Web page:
Water to be restored to five Molokai streams

Flow standards set for the waterways that were often dry for almost a century

East Kawela Stream on Molokai is shown. The state water commission voted Tuesday to fully restore the stream after more than a century of diversions. Photo courtesy DLNR

Water will be restored to five streams on Molokai that for more than a century were almost fully diverted and often dry, according to the state Department of Land and Natural Resources.

The state Commission on Water Resource Management voted Tuesday to set interim in-stream flow standards that will fully or partially restore East Kawela, East Kawela Tributary, West Kawela, Lualohe and Waikolu Streams. The commission committed to a goal of full stream restoration for East Kawela Stream.

“I want to acknowledge the young people here attending these meetings and advocating for stream restoration and a healthier community,” Commissioner Aurora Kagawa-Viviani said. “We have an opportunity to restore life to an area and this is moving us towards true equality.”

Residents and community groups submitted about 140 pages of written testimony and also spoke during hours of oral testimony at the commission’s meeting on Tuesday, urging full restoration of Kawela Stream.

Moloka’i No Ka Heke, which advocates for the protection of Kawela and other streams, had formally requested stream restoration in the summer of 2019.

Lualohe is one of five streams on Molokai that will be either fully or partially restored following a state water commission decision on Tuesday. Photo courtesy DLNR

“After over a hundred years of Kawela waters being diverted across the island and wasted, we finally said enough is enough. The big ranching and ag operations are gone, and we couldn’t just sit and watch this precious water be thrown away,” Walter Ritte, a member of Moloka’i No Ka Heke, said in a news release issued Tuesday by Earthjustice, the nonprofit environmental law organization representing the group.

Teave Ho’omoe Heen of Kawela said the ahupua’a of Kawela, during the peak of its time, was one of the most abundant water sources on the island.

“I can recall moments of my childhood swimming and playing and learning the importance of not just Kawela river but all kahawai, rivers,” Heen, who is also a member of Moloka’i No Ka Heke, said in written testimony.

She and her siblings would go to the muliwai of Kawela river and see fish, crustaceans, birds and other species.

“Kawela river needs to flow, for the health of our only aquifer, for the health of our fish, limu and animals that rely on it, for the health of our people who live the subsistence lifestyle and for the overall health of our island,” Heen said.

Others questioned the amount of water being diverted to lands still known as Molokai Ranch on the island’s drier west side.

“Kawela Stream really should be fully restored, because the data shows that the Ranch doesn’t need anywhere near the amount of water it diverts,” Moloka’i No Ka Heke member Lohiao Paoa of Kawela said in the Earthjustice news release after the decision. “We know from the Ranch’s own data that the west end’s needs can be met without taking any water from Kawela. We thank the Commission for keeping full restoration on the table, but we know there is much more work to be done.”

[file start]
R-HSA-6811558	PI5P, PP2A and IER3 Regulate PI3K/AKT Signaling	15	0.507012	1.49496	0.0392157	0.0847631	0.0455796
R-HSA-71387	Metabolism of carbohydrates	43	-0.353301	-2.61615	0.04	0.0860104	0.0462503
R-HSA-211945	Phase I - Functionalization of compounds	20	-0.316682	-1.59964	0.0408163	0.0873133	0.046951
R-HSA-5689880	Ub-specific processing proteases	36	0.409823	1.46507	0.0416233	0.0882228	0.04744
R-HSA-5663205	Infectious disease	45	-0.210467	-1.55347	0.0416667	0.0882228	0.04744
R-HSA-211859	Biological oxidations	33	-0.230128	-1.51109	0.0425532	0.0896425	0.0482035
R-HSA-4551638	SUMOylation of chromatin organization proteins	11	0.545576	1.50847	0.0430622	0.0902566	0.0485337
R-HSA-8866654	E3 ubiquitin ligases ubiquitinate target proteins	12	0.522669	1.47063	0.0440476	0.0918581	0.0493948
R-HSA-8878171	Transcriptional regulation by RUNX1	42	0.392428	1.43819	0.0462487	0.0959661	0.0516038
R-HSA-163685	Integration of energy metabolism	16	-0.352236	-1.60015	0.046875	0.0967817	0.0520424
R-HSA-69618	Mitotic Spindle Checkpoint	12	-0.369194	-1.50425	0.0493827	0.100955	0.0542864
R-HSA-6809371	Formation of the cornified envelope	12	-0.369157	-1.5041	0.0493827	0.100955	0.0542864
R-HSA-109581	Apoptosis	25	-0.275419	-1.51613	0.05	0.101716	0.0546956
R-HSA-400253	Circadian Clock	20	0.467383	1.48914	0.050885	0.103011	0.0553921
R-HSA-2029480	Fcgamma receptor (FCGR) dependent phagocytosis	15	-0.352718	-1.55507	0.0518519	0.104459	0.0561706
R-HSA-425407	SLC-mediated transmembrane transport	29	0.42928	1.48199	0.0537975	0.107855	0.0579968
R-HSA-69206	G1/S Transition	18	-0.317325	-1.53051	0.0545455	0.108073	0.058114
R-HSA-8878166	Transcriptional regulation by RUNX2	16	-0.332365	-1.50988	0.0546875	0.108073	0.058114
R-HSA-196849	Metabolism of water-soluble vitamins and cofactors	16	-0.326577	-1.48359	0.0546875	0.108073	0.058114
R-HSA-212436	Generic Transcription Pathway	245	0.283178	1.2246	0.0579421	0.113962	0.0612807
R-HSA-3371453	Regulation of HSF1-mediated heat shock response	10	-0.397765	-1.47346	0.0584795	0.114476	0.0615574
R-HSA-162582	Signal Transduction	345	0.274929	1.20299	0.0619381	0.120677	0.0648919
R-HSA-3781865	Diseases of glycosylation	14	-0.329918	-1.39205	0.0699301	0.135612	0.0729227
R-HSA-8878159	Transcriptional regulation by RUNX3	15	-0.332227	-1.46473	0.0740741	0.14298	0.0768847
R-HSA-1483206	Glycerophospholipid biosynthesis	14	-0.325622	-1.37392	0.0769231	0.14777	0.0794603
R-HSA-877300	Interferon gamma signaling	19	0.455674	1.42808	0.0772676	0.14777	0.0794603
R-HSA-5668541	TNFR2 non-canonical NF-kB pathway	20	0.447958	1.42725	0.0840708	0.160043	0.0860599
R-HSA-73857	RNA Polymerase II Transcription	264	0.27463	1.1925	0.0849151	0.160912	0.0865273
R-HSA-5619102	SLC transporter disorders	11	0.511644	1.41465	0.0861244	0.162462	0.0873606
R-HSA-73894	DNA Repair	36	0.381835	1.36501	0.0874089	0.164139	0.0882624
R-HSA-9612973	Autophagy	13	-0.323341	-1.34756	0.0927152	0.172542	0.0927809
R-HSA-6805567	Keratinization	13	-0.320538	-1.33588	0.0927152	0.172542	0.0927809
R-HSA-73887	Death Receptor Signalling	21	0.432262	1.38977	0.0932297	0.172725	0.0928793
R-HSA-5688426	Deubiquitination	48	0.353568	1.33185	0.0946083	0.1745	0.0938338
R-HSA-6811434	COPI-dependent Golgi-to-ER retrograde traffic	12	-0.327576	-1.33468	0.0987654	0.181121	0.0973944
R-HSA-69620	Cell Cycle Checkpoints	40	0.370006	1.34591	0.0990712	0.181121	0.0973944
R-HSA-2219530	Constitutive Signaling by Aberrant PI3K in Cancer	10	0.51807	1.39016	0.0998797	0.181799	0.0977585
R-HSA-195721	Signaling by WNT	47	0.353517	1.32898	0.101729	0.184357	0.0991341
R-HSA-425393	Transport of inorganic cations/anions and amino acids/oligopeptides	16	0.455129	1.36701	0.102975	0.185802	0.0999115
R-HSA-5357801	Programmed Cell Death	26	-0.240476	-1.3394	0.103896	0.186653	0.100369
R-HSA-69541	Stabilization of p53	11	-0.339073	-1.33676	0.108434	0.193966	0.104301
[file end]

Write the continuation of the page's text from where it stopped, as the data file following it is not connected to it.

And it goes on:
To fully restore East Kawela Stream, the state will take a phased approach, according to DLNR. This will include follow-up from Molokai Properties, which owns and operates the Mountain Water System. It is tasked with investigating water system loss, including reservoir evaporation and analyzing if wastewater reuse is a potential alternative water source to meet its nonpotable needs.

The Mountain Water System consists of seven diversions on various streams in the Kawela, Kaunakakai and Waikolu hydrologic units and includes 50 million gallons in reservoir storage, according to the DLNR.

The commission will revisit additional modifications to diversions and the interim in-stream flow standards in 180 days, the DLNR said.

“This is not the first time we have an aspirational water code positioned against 100 years of water diversions, and I’m convinced it is the right thing to do,” Commissioner Michael Buck, who supported the full restoration of Kawela Stream, said during Tuesday’s meeting.

“I believe there are options from the landowner to be able to be more efficient,” he added.

Commissioner Neil Hannahs said this is expected of water operators and diverters.

“We are in a new paradigm of water resource management and stewardship that requires water systems to be as efficient as possible,” Hannahs said. “We expect that from water operators and diverters.”

Molokai Properties said in an email statement Wednesday evening that “MPL’s mountain water system supports ranch operations and local businesses and residents.”

“Under the Commission’s order, the system may also support the Department of Hawaiian Homelands’ Kalamaula Tract. MPL looks forward to the continued opportunity to work with the Commission on Water Resource Management, the Department of Hawaiian Homelands and the Molokai community to achieve a balanced outcome.”

The commission expects that the restored stream flows will have dramatic benefits for groundwater recharge and nearshore ecosystems as well as restoring coastal spring flows critical for limu growth, according to a news release.

* Melissa Tanji can be reached at mtanji@mauinews.com.


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